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Tue, 08.21.1917

Esther Cooper Jackson, Social Worker born

Esther Cooper Jackson

*Esther Cooper Jackson was born on this date in 1917.  She is a Black civil rights activist and former social worker. 

Born Esther Cooper in Arlington, Virginia, she came from a family active in their community. She once said, “Our parents always told us that if we got the grades, and passed the tests, that they would make sure that we would go to any college of our choice. So, they didn't go in for a lot of expensive furniture or anything else. We had lots of books, and at home reading of poetry, we had the Harvard Classics and all that. Their values were passed on to us.”  

Throughout her youth, her mother, Esther Georgia Irving Cooper, served as President of the Arlington branch of the NAACP and was involved in the struggle for American Civil Rights, particularly in efforts to achieve equality in the quality of children's education. Cooper attended segregated schools as a child but went on to study at Oberlin College and earn a master's degree in sociology from Fisk University in 1940. Her 1940 thesis was "The Negro Woman Domestic Worker in Relation to Trade Unionism."

Upon graduation, she received a Rosenwald Fellowship to support a study on the attitudes of Black youth toward World War II. She planned to conduct the study as part of her studies for a PhD. in sociology at the University of Chicago.  After graduate school, Jackson became a member of the staff of the Voting Project in Birmingham, Alabama, for the Southern Negro Youth Congress (SNYC). While working with SNYC, she met her future husband, James E. Jackson Jr. In an interview with Ian Rocksborough-Smith in 2004, Jackson explained that her husband, James Jackson, and the SNYC had in 1937 helped tobacco workers in Virginia successfully agitate for an 8-hour day and pay increases. The tobacco workers held the first strike in Virginia since 1905, and their gains, according to C. Alvin Hughes, "helped SNYC earn a following among the Black working class in the South."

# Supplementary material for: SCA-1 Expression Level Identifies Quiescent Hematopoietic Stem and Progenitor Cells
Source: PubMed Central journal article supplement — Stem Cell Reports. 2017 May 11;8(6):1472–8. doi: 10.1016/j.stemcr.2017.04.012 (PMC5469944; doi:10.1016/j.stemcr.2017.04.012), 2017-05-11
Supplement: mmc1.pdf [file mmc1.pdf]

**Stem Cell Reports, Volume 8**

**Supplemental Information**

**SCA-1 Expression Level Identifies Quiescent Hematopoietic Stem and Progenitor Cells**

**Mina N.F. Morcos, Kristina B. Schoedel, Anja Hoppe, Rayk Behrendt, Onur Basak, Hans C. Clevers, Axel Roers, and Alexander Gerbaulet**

Originally intending only to stay for one summer, Jackson remained in Alabama for seven years, engaged in the struggle to bring down Jim Crow segregation. For seven years as a prominent leader of SNYC, Jackson worked with her husband, James Jackson, and numerous others, conducting campaigns promoting the rights of Blacks and poor whites. SNYC's agitation for integrating the public transportation systems was expected of the work it did digging the Southern soil, which became important in preparation for the struggles later on in the 1950s and 1960s.  In 1952, she moved to New York City.  

In New York in 1961, Jackson became managing editor of Freedomways along with Louis Burnham and Jack O'Dell from the Southern Christian Leadership Conference. Freedomways was the central theoretical journal of the 20th-century Black arts and intellectual movement in the United States. Its launch in 1961 attracted historians, sociologists, economists, artists, workers, and students to write on Black History, heritage, and culture.  It ceased publication in 1985. Esther Jackson turned 102 in August 2019.  

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